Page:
10 mg of the C90-99 peptide, cys-lys-trp-lys-ala-gln-lys-arg-phe-leu-lys SEQ ID No:4, (Grey and Haseman, 1994, Infect. Immun. 62, 2732-2739) was dissolved in degassed water (2 ml) and a solution of Biotin-BMCC (1-biotinomido-4-4′-(maleimidomethyl)-cyclohexane, Pierce) (4.1 mg) in DMSO (200 mL)was added. The mixture was stirred under nitrogen for 1 day and then lyophilized. The residue was chromatographed on a CM52 collumn (1.0 cm×15 cm). The column was first washed with 10 mM phosphate buffer pH 6.67 for 30 min at 0.4 mL/min. It was then eluted with 0-0.8 M NaCl in the same buffer over a period of 170 min at 0.4 mL/min. The C90-99-Biotin elutes after 110 min of the gradient and the unreacted C90-99 elutes after 150 min. Concentration was determined by a quantitative ninhydrin assay.

d) Preparation of C18G-SAMSA

C18G, 7.3 mg, was dissolved in 2.0 ml of 50 mM sodium phosphate buffer, pH 6.8 and placed in an ice bath and stirred. The pH was adjusted to 8.0 with 0.1 N NaOH. An aliquot of 125 ul DMF containing 1.27 mg of SAMSA (Sigma), was slowly added. The pH was adjusted to 7.8 after 10 minutes. After 1.5 hours, the pH was adjusted to 5.1 with 0.1 N HCl.

The solution was loaded onto a column of CM52 resin and chromatographed as described under I. a) above. There was one broad peak of material absorbing at 254 nm which was pooled and designated C18G-SAMSA.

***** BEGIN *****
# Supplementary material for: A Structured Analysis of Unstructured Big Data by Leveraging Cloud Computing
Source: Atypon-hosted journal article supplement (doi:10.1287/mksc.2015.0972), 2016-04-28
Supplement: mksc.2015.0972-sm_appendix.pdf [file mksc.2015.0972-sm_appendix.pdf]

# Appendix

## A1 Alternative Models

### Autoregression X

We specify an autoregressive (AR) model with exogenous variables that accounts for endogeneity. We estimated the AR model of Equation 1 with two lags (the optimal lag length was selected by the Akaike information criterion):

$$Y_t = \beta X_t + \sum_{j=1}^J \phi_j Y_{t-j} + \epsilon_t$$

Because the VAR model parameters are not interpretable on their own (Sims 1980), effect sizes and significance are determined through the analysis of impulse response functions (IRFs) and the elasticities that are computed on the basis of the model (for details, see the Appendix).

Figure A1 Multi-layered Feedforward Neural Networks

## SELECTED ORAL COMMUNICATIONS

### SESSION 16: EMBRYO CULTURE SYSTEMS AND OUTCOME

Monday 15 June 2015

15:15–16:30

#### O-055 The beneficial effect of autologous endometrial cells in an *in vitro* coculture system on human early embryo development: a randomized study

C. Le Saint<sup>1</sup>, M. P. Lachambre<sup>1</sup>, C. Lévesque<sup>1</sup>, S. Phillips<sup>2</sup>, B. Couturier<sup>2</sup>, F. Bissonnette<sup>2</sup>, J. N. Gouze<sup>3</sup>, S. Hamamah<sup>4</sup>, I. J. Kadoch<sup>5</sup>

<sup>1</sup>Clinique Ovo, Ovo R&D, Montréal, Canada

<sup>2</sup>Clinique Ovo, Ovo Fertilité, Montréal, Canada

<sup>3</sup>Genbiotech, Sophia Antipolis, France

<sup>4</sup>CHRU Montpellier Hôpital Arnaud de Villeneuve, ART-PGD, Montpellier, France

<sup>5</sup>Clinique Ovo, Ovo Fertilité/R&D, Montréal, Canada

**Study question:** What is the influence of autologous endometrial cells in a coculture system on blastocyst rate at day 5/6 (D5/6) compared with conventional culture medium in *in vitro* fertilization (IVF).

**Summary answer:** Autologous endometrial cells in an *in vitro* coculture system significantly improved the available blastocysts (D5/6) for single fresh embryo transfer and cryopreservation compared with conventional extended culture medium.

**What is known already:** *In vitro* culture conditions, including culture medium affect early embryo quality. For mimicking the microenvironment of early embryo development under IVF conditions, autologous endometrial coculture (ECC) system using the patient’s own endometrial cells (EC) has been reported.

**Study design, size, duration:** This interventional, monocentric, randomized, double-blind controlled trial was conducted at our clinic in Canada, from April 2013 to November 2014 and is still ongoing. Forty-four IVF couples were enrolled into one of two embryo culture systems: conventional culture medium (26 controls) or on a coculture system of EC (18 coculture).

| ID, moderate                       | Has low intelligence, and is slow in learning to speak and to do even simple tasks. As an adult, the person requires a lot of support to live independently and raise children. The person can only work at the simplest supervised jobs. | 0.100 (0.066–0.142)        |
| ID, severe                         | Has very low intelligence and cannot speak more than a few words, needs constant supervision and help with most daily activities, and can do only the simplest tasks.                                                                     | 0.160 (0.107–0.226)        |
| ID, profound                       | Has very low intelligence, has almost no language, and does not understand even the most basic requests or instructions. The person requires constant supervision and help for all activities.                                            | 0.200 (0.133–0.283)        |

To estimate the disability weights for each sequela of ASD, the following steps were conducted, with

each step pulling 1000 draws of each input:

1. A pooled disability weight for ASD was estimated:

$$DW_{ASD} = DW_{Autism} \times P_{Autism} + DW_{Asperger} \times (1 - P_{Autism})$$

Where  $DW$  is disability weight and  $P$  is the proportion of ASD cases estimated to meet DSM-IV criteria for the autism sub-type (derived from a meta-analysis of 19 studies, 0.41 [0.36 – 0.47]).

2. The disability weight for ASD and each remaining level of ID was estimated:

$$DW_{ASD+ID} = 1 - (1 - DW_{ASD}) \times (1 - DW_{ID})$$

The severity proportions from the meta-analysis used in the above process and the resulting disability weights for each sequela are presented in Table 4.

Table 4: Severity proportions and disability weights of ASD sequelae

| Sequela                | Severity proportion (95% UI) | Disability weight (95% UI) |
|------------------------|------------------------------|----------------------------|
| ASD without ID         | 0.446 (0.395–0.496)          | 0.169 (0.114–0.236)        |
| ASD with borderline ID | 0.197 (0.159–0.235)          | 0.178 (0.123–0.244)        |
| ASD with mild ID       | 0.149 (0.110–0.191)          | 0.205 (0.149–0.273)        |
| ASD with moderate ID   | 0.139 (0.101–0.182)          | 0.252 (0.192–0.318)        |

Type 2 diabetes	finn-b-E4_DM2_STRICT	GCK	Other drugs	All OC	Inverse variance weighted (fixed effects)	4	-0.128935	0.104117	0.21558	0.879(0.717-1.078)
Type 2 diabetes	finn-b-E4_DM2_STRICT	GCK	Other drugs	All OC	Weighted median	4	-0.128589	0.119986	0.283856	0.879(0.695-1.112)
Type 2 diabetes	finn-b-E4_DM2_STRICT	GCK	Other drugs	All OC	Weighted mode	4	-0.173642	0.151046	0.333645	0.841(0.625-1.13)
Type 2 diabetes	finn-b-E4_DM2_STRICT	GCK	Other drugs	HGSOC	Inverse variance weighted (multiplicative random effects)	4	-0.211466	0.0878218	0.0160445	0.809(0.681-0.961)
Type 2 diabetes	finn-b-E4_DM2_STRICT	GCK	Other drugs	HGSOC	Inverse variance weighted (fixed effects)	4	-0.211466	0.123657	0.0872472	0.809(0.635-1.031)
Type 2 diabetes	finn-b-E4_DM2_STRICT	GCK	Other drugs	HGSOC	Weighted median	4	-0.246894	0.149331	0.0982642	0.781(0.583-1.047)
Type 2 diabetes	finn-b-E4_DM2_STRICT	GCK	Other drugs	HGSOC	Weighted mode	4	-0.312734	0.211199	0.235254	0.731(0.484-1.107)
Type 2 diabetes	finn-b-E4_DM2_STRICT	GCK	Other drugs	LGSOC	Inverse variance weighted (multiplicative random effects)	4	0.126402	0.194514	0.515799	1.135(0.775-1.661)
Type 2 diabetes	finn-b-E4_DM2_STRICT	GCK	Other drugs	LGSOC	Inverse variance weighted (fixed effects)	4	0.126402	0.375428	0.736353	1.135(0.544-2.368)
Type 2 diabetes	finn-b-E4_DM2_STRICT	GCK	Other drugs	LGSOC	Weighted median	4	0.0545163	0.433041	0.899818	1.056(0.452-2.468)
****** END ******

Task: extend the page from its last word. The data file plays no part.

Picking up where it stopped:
e) Preparation of C19G-PEG-Mal and C19G-PEG-Mal-BME

C19G, 27 mg, was dissolved in 0.63 ml of 50 mM sodium phosphate buffer, pH 6.8, and added dropwise with stirring to 1.25 ml of 20% dioxane in water containing 460 mg of bismaleimidophenyl PEG 2000 (BioAffinity Systems). The solution was incubated for two hours. The remainder of the procedure was identical to that given under I. q) for PMB-Cys-PEG-Mal.

f) Preparation of C19G-PEG-Mal-SAMSA-FL

The procedure for preparation of C19G-PEG-Mal-SAMSA-FL was identical to that given for PMB-cys-PEG-Mal-FL under I. r) above, except that C19G-PEG-Mal was used in place of PMB-cys-PEG-Mal.

EXAMPLE 40 Evaluation of Biological Activity of Immunoadapter™ Compounds

This example describes the evaluation of the biological activity of the Immunoadapter™ compounds described in Example 39.

To function as Immunoadapter™ compounds, PMB or other conjugates that contain bacterial binding ligands must retain bacterial binding activity. In the case of anti-microbial ligands, the simplest assessment of bacterial binding is to determine whether the conjugate has a minimal inhibitory concentration (MIC) at which bacterial growth is inhibited, since to inhibit growth, a conjugate must retain the ability to interact with its bacterial target. The example involved MIC determinations utilizing PMB or C90-99 containing conjugates described in Example 39.